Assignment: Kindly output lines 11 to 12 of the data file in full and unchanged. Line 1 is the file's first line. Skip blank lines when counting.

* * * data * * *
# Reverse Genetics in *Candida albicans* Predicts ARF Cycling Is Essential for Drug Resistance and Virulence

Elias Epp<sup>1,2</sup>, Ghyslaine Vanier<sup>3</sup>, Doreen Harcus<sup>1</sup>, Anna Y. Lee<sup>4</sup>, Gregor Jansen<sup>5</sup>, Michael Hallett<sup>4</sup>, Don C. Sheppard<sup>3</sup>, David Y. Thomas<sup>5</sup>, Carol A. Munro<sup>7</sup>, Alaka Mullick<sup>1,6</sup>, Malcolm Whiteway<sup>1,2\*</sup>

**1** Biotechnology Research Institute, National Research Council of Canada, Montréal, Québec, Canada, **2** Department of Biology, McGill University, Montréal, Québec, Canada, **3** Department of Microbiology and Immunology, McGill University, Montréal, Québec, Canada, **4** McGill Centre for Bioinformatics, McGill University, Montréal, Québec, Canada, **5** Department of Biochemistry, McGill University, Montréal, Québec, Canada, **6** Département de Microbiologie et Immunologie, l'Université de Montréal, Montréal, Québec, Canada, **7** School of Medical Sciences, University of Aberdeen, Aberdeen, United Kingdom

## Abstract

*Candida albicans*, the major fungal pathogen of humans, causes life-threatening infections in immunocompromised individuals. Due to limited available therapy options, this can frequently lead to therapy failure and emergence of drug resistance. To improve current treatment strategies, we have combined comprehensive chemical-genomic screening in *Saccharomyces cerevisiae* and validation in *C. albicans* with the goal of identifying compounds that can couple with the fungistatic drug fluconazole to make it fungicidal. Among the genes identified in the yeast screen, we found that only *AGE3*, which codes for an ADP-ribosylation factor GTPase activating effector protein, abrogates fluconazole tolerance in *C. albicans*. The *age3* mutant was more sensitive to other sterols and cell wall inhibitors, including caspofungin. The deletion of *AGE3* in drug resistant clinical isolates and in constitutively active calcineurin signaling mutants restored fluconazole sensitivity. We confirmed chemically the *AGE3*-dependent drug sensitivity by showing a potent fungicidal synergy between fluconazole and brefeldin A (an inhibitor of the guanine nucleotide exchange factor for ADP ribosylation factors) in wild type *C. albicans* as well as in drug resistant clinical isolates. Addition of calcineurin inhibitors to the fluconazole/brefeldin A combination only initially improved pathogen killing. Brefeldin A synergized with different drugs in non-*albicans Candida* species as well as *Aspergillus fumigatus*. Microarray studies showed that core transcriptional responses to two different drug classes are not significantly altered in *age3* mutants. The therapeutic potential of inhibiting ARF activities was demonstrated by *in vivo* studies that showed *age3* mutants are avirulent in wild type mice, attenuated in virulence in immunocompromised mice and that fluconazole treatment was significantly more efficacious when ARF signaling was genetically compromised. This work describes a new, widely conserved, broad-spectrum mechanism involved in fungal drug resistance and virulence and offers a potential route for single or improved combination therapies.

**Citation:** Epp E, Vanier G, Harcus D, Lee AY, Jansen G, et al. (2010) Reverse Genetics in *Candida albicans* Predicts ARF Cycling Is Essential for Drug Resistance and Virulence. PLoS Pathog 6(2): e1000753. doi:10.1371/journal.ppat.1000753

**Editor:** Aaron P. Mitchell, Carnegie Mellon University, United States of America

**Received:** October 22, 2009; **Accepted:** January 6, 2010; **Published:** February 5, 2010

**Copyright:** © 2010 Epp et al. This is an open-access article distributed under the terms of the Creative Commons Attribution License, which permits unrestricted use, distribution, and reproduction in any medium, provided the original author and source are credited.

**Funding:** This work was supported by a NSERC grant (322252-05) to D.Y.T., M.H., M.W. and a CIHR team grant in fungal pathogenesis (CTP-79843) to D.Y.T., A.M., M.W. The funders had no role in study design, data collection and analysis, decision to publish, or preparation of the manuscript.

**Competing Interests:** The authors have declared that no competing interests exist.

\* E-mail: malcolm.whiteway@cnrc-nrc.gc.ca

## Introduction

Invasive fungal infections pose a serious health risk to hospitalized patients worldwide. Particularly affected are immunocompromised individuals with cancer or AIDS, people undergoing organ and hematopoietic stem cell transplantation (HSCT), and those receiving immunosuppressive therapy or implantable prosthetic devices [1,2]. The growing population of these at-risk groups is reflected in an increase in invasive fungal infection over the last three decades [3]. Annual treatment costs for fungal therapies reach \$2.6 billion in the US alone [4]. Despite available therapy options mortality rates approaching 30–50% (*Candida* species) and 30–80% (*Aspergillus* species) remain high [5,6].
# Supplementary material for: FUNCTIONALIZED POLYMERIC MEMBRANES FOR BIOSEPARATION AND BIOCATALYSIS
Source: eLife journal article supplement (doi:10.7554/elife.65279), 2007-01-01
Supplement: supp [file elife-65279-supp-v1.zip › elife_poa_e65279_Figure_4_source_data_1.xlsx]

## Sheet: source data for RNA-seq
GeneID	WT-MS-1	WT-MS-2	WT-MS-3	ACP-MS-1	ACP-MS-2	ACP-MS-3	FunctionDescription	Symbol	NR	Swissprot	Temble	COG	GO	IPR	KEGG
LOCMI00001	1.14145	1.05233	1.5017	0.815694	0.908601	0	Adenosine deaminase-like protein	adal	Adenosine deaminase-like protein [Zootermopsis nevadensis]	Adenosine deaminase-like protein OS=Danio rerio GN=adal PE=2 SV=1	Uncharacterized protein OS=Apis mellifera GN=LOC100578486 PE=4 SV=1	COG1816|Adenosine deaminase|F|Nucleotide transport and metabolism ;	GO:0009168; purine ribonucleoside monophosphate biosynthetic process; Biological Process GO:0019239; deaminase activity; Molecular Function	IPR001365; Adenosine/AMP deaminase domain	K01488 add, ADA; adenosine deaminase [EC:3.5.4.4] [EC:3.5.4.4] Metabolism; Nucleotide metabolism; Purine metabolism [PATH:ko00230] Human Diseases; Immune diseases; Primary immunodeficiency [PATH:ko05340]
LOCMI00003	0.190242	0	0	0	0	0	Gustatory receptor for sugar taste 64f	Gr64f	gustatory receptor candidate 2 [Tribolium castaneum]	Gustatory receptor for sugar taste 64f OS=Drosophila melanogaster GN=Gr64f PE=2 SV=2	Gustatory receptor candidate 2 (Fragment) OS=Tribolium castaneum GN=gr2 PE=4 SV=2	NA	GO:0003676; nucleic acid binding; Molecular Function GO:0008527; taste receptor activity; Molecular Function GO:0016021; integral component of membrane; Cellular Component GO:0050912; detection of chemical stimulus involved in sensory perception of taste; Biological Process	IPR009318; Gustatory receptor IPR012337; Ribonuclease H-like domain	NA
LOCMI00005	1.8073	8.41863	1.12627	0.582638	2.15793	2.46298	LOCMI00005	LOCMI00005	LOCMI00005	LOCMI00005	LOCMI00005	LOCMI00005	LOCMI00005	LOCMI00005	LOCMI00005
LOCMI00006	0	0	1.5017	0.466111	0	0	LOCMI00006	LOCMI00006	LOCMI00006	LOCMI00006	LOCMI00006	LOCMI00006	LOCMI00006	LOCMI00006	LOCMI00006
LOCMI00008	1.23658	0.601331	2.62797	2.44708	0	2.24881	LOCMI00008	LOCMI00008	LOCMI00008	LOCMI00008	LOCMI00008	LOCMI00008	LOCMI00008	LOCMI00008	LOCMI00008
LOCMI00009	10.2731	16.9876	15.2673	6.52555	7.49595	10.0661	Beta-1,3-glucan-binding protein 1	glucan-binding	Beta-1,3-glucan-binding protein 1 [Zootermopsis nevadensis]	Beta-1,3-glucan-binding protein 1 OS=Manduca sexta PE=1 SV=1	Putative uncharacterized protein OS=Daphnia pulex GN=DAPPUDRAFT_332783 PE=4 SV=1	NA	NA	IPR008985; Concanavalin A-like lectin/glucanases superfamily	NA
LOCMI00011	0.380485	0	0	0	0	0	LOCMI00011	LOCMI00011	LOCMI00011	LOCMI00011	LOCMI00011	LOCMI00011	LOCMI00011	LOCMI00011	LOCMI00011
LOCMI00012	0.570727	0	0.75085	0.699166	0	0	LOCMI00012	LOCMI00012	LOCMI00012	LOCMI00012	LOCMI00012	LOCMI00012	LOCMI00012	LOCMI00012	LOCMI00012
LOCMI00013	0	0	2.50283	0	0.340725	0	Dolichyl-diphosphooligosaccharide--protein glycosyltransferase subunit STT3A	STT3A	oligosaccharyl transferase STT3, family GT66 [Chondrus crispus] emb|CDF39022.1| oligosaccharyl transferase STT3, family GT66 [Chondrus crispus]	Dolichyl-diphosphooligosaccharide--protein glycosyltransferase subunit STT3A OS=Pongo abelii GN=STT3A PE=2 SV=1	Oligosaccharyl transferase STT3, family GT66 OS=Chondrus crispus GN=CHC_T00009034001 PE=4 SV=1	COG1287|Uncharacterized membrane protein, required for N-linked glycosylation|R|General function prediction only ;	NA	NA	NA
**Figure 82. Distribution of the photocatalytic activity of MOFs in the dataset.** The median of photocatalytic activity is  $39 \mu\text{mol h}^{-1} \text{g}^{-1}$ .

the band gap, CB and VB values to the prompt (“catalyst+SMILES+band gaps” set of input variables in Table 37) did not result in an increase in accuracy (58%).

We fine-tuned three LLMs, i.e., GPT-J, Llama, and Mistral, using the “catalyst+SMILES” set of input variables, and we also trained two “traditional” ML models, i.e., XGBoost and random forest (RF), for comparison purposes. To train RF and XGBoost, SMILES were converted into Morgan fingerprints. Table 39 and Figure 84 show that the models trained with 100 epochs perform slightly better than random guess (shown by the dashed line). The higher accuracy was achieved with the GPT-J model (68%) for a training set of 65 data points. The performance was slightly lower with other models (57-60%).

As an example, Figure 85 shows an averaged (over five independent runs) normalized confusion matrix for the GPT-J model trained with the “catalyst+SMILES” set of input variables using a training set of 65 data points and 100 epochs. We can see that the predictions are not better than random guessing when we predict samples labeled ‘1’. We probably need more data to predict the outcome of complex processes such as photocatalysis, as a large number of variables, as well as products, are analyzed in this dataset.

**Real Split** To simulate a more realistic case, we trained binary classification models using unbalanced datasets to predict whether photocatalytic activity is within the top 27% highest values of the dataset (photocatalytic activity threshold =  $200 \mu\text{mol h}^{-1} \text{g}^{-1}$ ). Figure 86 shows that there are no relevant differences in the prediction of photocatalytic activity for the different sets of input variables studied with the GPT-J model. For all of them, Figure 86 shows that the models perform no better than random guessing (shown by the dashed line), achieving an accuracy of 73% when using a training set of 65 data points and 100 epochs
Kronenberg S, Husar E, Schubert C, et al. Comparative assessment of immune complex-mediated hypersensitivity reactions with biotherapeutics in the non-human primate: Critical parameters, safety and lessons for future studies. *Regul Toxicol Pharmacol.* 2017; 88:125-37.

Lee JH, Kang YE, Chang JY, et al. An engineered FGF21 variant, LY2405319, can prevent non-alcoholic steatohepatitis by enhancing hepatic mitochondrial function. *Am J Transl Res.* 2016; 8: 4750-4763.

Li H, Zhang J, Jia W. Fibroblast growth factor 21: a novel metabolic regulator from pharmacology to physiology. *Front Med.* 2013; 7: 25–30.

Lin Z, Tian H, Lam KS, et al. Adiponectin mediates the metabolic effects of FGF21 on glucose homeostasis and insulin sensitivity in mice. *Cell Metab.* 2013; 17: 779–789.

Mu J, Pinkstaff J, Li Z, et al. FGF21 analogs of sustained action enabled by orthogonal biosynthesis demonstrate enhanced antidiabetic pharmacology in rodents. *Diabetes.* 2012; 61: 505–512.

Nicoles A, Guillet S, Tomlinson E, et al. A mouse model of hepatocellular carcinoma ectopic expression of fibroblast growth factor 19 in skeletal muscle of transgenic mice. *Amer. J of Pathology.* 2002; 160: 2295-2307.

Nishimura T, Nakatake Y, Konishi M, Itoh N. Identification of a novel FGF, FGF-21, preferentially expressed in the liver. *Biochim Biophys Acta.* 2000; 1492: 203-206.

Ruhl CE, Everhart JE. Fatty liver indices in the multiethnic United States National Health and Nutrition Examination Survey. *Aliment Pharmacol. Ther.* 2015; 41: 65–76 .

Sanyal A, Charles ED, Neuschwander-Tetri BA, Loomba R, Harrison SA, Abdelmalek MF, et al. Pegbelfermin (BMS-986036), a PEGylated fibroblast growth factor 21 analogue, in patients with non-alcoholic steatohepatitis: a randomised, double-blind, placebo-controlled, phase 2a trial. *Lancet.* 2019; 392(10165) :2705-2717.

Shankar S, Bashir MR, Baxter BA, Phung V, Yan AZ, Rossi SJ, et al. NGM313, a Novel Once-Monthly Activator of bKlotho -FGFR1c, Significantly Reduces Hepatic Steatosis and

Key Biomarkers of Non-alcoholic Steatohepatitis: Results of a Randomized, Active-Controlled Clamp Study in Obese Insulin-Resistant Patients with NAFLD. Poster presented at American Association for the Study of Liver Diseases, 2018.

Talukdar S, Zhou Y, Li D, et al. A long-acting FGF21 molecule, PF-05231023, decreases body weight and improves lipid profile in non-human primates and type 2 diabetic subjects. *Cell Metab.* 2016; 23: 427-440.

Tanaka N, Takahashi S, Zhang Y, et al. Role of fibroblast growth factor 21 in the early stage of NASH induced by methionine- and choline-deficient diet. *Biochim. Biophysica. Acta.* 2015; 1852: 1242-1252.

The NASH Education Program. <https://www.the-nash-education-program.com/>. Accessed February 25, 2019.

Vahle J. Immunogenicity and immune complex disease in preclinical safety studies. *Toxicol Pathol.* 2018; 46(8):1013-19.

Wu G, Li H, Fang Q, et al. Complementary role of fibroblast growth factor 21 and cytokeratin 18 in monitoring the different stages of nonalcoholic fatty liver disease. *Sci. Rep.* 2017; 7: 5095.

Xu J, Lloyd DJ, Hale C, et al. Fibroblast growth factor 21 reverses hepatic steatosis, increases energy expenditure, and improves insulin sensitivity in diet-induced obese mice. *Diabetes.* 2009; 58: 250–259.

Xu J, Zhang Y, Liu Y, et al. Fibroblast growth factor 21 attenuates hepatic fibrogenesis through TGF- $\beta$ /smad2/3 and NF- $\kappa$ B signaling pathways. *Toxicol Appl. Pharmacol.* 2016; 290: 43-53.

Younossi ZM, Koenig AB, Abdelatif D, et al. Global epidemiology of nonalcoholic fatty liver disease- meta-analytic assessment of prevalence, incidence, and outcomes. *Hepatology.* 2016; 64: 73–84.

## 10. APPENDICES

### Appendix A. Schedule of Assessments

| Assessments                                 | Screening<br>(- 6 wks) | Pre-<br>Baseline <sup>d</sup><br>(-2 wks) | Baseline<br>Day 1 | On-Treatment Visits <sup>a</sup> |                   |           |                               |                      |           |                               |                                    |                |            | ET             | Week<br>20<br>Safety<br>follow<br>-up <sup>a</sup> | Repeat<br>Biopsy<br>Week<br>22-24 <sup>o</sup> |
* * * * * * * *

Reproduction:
**Competing Interests:** The authors have declared that no competing interests exist.

\* E-mail: malcolm.whiteway@cnrc-nrc.gc.ca